To boost AUM and profits, broker-dealers are going in a new direction: West.
Firms like Raymond James, Baird and Wells Fargo are pursuing expansions in Seattle, Silicon Valley and Southern California, where many broker dealers historically have had little or no presence. The firms are being pulled by the allure of new wealth creation in the region, promising rich rewards for those willing to put forth the additional effort. "Wealth management firms are going to gravitate where the money is," notes Bill Butterfield, research analyst at Aite Group.
Take Raymond James & Associates: The firm is pushing ahead with plans to capture more market share on the West Coast, where it had no presence a decade ago. In the past few months, the firm has opened new offices in California, recruited a dozen advisors and a branch manager from wirehouse rivals. It also recently posted a new job position for a regional director for California.
Raymond James is firmly committed to the region, says President Tash Elwyn who boasts that he's got the frequent flyer miles to prove it, having made five trips to California and two to the Pacific Northwest in the first eight months of the year. On each trip he's met with new and potential recruits from the region, which had the highest median net worth for the wealthiest households, according to U.S. Census data.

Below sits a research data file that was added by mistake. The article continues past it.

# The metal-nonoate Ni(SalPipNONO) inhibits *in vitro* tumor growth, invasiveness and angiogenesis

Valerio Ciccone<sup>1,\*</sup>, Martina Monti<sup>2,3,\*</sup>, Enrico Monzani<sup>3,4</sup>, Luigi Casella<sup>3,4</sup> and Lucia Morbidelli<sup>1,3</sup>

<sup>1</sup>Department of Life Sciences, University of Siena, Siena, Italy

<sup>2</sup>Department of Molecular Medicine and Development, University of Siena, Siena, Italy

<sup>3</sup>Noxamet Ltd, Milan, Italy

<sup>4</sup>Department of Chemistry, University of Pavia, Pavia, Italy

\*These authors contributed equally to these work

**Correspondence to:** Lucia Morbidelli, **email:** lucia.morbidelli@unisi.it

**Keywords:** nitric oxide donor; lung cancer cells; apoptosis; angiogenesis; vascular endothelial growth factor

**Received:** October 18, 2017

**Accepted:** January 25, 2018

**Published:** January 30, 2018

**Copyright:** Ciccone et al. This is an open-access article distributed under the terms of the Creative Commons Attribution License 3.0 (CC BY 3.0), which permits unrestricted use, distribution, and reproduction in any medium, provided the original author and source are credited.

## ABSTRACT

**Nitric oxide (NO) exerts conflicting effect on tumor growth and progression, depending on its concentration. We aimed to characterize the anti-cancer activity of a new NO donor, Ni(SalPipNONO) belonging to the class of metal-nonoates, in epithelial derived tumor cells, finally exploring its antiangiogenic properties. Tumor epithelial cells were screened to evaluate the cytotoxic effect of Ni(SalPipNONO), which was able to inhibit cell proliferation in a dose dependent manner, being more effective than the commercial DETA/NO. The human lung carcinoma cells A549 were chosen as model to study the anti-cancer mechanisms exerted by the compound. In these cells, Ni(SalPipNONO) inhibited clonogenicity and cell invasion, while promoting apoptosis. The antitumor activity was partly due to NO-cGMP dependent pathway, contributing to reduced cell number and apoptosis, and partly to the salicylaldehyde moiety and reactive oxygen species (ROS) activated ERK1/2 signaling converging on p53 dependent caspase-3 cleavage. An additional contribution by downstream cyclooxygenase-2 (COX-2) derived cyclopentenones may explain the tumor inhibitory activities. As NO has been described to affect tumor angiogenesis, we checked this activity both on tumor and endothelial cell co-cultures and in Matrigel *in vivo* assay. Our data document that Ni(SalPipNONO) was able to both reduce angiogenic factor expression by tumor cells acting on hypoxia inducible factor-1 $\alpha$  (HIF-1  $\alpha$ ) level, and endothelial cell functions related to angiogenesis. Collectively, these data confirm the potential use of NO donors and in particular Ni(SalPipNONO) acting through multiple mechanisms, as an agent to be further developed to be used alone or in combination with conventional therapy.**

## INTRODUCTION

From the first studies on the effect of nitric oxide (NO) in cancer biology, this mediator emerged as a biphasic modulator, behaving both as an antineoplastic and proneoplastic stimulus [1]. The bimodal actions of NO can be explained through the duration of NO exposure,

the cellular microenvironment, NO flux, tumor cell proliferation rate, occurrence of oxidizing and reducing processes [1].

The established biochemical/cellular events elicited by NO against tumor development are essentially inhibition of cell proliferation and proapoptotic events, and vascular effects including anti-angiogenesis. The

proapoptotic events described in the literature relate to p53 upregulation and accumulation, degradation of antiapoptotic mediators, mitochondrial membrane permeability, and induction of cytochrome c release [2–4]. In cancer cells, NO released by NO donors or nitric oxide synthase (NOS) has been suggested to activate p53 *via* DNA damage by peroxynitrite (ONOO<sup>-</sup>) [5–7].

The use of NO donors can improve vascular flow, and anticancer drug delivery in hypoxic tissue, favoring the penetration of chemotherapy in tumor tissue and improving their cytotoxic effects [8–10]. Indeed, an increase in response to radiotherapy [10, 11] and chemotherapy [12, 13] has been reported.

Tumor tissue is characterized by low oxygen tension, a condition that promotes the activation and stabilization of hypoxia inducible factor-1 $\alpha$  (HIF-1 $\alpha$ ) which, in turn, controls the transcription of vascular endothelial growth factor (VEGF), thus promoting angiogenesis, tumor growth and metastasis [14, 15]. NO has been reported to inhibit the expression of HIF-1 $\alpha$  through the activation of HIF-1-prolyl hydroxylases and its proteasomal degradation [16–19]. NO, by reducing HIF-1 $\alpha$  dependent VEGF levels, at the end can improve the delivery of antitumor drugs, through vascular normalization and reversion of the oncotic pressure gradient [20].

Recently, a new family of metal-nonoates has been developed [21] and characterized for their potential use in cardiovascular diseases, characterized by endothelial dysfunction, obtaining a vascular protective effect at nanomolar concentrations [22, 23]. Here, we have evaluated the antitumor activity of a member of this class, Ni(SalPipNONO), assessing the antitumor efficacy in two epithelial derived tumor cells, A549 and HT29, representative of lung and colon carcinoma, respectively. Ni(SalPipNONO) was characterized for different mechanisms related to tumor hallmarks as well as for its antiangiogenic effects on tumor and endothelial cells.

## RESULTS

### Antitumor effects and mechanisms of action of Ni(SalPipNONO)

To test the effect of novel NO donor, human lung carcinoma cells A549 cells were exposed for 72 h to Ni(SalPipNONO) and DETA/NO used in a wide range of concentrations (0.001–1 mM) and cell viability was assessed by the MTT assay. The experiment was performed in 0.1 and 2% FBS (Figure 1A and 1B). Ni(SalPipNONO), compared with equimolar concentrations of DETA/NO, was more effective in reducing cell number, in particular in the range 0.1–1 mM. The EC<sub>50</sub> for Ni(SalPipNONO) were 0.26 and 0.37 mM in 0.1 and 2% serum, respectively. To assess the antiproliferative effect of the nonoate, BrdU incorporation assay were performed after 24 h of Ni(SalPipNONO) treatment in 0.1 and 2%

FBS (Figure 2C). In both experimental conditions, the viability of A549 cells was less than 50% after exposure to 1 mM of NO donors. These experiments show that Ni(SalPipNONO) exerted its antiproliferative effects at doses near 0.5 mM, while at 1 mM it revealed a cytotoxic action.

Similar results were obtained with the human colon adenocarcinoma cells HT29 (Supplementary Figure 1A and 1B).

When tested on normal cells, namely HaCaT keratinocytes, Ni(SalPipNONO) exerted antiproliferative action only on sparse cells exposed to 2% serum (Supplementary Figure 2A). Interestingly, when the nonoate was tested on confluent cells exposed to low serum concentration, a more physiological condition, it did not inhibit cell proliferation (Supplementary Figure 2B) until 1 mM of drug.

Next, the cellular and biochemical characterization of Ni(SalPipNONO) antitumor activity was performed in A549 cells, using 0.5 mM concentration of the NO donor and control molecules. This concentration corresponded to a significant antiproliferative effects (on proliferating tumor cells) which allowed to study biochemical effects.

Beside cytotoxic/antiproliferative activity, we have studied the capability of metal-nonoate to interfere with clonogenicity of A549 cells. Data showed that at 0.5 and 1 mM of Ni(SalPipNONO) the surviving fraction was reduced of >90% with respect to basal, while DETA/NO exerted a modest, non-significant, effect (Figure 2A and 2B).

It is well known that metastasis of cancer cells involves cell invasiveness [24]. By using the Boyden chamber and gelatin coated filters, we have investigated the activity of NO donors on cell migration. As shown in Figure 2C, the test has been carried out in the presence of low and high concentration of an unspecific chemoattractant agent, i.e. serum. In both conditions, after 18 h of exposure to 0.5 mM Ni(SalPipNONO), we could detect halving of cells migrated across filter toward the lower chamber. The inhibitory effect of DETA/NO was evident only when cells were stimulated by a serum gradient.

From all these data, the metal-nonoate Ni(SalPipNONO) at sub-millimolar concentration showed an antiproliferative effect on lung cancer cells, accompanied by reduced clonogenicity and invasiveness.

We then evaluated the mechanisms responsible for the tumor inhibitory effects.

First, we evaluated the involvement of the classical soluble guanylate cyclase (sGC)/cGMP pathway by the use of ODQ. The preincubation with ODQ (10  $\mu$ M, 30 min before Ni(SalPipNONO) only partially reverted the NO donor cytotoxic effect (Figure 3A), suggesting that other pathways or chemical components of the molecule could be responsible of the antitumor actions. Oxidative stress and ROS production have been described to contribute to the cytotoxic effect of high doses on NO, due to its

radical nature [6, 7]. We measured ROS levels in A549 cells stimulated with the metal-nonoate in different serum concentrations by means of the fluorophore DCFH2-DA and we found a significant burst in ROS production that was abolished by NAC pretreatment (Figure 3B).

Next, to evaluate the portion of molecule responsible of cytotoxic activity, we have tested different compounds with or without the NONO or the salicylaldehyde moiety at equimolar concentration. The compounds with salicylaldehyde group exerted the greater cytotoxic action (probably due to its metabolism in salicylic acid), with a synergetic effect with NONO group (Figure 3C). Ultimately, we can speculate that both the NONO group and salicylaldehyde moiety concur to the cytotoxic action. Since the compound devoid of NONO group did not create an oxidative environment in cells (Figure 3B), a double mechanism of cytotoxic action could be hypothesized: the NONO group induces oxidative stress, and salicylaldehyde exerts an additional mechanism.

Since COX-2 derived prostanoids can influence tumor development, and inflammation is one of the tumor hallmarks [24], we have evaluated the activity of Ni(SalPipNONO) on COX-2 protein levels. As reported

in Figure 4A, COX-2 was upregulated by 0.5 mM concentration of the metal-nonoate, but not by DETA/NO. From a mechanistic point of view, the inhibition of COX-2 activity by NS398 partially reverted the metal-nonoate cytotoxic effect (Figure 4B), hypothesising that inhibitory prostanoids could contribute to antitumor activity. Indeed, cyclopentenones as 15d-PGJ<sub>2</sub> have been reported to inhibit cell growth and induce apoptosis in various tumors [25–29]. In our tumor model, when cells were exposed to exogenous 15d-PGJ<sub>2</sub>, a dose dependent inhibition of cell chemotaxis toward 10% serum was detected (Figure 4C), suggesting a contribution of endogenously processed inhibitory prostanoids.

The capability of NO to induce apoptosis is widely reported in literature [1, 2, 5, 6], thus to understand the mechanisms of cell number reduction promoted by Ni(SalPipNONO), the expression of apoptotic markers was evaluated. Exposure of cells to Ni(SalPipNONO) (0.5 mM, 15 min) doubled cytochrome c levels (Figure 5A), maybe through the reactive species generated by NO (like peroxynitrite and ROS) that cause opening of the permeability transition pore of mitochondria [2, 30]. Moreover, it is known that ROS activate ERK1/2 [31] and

At about $750,000 median net worth, households in the West edged past those in the Northeast, which had a median net worth of $720,000, and far surpassed those in the last-place South, which had a median net worth of $538,000.
Among the states, California stands out with the greatest number of households with $1 million or more in investable assets, according to data from research firm Phoenix Marketing International. There were about 777,000 millionaire households in 2013, an increase of 27,000 since 2011.
Moreover, the Pacific coast states also boasted a higher median value for owner-occupied homes than the U.S. average of $181,400 in 2012, according to Census data. California values, at $383,000, were more than double that of the national average. Oregon, at $246,100, and Washington, at $272,900, were also higher. Part of this is explained by the region's economic legacy, represented by Hollywood and corporate giants like Boeing, but also by the mushrooming startups communities and tech giants like Netflix and Twitter.
"What's being created there is generating net new millionaires, particularly over the course of the last 3 or 4 years," notes Neil Pardasani, a Los Angeles-based managing director at Boston Consulting Group, a research firm.